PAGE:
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Trump team’s asking for ways to keep nuclear power alive

By Mark Chediak and Catherine Traywick Bloomberg

President-elect Donald Trump’s advisers are looking at ways in which the U.S. government could help nuclear power generators being forced out of the electricity market by cheaper natural gas and renewable resources.

In a document obtained by Bloomberg, Trump’s transition team asked the Energy Department how it can help keep nuclear reactors “operating as part of the nation’s infrastructure” and what it could do to prevent the shutdown of plants.

Advisers also asked the agency whether there were any statutory restrictions in resuming work on Yucca Mountain, a proposed federal depository for nuclear waste in Nevada that was abandoned by the Obama administration.

The list of questions to the Energy Department offers one of the clearest indications yet of Trump’s potential plans for aiding America’s battered nuclear power generators. Five of the country’s nuclear plants have closed in the past five years, based on Energy Department data, and more are set to shut as cheaper supplies from gas-fired plants, wind and solar squeeze their profits.

Media representatives for the Trump transition and Energy Department didn’t immediately respond to calls and emails seeking comment.

Some environmentalists have warned the closures could undermine efforts to combat climate change as nuclear reactors are the biggest source of zero-emissions power in the U.S. Plant owners including the nation’s largest – Exelon Corp. – have sought relief from state policymakers, with New York and Illinois among those that have approved millions in annual payments to keep reactors running.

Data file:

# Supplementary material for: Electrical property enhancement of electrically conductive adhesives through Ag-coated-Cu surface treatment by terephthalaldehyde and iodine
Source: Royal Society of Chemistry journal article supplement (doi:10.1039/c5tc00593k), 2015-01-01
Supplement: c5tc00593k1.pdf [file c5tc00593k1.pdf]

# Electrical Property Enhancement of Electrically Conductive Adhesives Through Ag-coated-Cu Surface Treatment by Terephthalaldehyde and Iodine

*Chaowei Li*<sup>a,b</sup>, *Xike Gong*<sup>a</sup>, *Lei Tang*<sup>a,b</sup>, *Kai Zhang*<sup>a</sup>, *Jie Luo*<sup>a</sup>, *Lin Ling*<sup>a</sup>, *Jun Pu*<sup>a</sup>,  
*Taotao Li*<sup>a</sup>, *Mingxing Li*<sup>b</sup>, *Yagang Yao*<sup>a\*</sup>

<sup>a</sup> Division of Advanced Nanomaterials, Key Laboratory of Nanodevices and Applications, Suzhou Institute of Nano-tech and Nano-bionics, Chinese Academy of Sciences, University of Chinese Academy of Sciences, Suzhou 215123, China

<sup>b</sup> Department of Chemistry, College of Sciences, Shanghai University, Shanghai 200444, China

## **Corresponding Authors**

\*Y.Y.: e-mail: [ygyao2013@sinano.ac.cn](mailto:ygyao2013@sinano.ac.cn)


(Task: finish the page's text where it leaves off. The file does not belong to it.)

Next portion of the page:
The Trump administration could find that providing “federal subsides and programs to boost the struggling industry may be elusive and contentious,” Rob Barnett and Kit Konolige, analysts at Bloomberg Intelligence, wrote Friday in a research note. House Republicans could balk at incentives at the federal level, they said.

Among a list of questions the Trump team sent to the Energy Department was whether the agency has plans to resume the license proceedings for Yucca Mountain and how it can continue supporting the permitting of small modular reactors, seen as the next generation of nuclear technology.

On Thursday, Entergy Corp. announced that it’ll shut the Palisades nuclear plant in Michigan in 2018, adding to the growing list of reactors planning to retire early.

Trump has voiced his support for nuclear power in the past. In a television interview with Fox News in 2011, he said he was “very strongly in favor of nuclear energy,” while stressing the need for safeguards at plants.

Last month, the Washington trade group Nuclear Energy Institute congratulated Trump on the election and encouraged him to advance his support for the industry and maintain “its indispensable role in our critical energy infrastructure and environmental interests.”

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